With a short-term cash budget, businesses can avoid awkward situations. No business wants to miss payments to suppliers or loan payments or even go into a negative balance to cover payroll. By keeping careful track of your income versus expenses, budgeting creates peace of mind as well as efficiency.
Long-Term Cash Budget
Long-term cash budgets are important for growth planning. These operate over the next quarter, two quarters, or even a year. Whether you hope to open a second location, hire new employees, or launch a new product line, it’s imperative to budget for these expenses ahead of time.
If you plan to seek investors or apply for additional funding, a realistic cash budget will be one of the first things you are asked for. Having both an accurate short-term budget and a realistic long-term budget can be the difference between stagnation and success for a small business.
Prepare for the Unexpected
Having a credible budget in place can mitigate a shortage of cash when unforeseen circumstances occur (like a pandemic), during periods of change in a business, when you need to manage limited financial resources, and even for when your sales are traditionally seasonal.
A cash budget can protect a company against an unexpected cash outflow (e.g. additional required supplies, increase in minimum wage), which will ultimately impact the company’s financial position.
If a business is just starting out, it’s essential that they budget cash requirements for any emergencies or unexpected costs that require cash, especially if aspects of the operations are not fully developed.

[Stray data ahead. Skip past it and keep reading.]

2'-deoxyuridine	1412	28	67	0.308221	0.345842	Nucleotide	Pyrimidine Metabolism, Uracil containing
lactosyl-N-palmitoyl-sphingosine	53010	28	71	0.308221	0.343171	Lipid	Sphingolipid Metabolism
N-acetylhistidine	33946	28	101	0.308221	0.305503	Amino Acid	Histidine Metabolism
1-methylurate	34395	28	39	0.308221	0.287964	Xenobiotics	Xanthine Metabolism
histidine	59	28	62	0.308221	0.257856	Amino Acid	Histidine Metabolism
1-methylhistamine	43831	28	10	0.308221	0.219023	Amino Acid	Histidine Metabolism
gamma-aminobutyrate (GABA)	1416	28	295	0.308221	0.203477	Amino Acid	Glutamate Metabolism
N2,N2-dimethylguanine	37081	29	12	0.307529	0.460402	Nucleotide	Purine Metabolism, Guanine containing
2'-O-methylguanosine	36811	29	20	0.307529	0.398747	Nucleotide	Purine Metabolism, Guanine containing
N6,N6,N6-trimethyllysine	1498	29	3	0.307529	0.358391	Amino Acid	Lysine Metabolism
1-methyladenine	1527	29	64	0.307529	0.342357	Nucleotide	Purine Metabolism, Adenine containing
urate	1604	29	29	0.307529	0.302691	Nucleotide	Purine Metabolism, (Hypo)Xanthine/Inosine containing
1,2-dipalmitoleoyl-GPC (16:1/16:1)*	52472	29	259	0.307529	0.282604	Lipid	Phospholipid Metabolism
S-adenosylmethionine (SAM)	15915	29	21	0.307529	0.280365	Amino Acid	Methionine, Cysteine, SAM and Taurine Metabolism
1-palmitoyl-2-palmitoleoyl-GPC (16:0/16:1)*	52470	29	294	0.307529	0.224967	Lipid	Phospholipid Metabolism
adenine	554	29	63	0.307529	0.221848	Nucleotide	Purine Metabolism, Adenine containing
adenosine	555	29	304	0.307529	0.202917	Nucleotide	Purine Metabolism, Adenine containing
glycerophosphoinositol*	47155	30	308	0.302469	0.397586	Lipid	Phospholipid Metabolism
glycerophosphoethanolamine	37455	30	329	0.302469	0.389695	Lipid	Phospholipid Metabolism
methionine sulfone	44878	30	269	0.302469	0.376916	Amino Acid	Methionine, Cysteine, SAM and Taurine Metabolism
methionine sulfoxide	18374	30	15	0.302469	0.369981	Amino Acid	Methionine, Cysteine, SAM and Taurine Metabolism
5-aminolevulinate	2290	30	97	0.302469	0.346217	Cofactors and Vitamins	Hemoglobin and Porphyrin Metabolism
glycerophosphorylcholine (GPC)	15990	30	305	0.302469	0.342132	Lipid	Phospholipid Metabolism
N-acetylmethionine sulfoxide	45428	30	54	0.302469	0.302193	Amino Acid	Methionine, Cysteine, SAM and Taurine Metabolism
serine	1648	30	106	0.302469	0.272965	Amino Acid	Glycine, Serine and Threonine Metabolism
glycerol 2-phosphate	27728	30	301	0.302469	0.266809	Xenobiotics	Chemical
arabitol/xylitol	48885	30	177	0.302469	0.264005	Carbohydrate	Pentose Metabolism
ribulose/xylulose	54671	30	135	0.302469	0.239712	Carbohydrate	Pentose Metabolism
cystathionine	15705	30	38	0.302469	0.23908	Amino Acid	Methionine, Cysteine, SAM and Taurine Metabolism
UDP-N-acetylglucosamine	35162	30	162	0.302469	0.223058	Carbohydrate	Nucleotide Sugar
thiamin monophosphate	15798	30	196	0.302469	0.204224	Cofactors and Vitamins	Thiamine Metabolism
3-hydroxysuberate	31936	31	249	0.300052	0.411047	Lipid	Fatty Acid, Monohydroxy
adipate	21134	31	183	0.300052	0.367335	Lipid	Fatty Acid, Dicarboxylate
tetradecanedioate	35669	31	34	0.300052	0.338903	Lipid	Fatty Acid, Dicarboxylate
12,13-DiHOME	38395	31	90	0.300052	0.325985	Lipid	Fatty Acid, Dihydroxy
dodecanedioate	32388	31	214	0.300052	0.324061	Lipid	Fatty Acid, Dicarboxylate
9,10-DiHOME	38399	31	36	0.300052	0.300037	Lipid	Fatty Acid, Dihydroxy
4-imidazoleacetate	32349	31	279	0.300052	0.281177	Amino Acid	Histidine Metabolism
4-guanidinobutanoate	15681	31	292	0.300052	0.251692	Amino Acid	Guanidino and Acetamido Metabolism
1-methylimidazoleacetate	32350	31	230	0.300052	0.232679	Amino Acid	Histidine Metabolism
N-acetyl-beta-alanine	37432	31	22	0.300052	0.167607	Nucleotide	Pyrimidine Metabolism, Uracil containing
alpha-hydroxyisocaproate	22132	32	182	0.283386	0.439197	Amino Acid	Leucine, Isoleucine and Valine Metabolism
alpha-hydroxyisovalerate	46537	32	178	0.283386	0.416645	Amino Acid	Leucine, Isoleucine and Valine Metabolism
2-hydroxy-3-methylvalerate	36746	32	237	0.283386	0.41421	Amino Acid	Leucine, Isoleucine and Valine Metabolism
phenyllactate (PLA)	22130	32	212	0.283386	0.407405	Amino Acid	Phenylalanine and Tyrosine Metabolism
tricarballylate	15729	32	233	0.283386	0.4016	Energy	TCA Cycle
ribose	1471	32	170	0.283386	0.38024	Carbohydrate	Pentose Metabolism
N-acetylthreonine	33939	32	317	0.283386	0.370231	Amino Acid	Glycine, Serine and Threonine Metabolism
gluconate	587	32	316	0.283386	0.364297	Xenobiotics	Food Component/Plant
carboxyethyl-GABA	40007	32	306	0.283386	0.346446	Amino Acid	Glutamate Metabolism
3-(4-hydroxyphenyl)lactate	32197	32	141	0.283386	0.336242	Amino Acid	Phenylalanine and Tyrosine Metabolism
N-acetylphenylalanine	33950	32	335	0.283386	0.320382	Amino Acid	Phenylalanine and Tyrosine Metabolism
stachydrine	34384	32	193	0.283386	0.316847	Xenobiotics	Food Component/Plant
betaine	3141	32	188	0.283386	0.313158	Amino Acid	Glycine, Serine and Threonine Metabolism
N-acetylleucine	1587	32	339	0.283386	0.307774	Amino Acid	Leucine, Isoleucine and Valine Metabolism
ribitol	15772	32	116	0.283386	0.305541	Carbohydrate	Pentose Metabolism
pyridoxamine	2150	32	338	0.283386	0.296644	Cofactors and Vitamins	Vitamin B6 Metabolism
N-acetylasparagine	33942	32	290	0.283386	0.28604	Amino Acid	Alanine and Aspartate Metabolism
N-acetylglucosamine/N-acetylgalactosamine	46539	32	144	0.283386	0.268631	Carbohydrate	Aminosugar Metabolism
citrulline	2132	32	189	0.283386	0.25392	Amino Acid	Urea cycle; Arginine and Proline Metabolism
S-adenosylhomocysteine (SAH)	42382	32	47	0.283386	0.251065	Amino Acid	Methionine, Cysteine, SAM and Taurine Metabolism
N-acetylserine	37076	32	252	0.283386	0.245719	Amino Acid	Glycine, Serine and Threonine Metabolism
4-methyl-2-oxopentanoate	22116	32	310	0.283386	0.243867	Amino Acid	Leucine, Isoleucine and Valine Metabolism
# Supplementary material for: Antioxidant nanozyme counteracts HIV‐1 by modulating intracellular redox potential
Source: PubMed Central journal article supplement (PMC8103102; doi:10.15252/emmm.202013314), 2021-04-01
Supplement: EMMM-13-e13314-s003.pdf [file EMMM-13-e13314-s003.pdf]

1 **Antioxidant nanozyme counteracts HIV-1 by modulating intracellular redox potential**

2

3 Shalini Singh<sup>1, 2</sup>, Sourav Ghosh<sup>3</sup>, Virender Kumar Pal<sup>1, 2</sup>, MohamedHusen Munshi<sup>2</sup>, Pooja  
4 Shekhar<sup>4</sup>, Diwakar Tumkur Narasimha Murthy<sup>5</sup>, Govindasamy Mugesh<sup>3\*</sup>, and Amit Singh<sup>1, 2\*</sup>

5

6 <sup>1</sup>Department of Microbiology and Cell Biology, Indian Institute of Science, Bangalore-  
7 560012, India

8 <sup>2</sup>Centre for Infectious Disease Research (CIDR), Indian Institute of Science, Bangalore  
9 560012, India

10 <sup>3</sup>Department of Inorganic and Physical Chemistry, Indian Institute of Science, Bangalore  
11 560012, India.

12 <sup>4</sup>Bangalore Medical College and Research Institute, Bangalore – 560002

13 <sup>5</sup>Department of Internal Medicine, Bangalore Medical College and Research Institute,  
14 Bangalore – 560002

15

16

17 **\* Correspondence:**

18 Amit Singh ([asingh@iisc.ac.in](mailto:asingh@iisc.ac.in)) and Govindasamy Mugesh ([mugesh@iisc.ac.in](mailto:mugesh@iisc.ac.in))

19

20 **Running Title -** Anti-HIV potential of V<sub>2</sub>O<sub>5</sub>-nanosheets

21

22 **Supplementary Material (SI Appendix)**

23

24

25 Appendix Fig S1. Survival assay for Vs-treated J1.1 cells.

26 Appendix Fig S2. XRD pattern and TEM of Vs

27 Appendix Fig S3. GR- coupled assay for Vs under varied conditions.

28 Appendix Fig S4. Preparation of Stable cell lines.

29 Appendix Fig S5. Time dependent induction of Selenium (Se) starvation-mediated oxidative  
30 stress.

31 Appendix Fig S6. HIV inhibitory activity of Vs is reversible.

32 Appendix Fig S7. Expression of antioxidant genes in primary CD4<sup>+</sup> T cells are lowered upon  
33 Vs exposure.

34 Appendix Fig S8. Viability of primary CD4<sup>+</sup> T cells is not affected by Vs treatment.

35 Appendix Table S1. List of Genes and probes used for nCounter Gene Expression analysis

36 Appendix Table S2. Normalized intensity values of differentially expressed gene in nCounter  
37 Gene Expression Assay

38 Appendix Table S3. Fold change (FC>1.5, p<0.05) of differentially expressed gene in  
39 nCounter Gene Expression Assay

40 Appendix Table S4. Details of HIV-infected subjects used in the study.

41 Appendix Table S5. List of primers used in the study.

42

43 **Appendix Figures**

Not all unexpected circumstances are unwanted. Take, for example, when there’s an unexpected bulk discount from suppliers. Having a solid cash budget in place will help you take advantage of such opportunities and may even lead to an excess of cash.
Be proactive rather than reactive. Businesses that don’t implement cash budgets until after they have become necessary will struggle to get their actual cash flow under control. This will only make a bad situation worse.
In contrast, successful businesses that create budgets before problems begin will be in a much better position to weather the inevitable challenges of running a small business. Ultimately cash budgets are an important part of financial management.
If you need advice on how cloud accounting can work for your business and help provide you with a financial statement to build a cash budget, you can request a free consultation right here. Creating a cash budget will help you build a solid financial plan and ultimately protect you against the unexpected.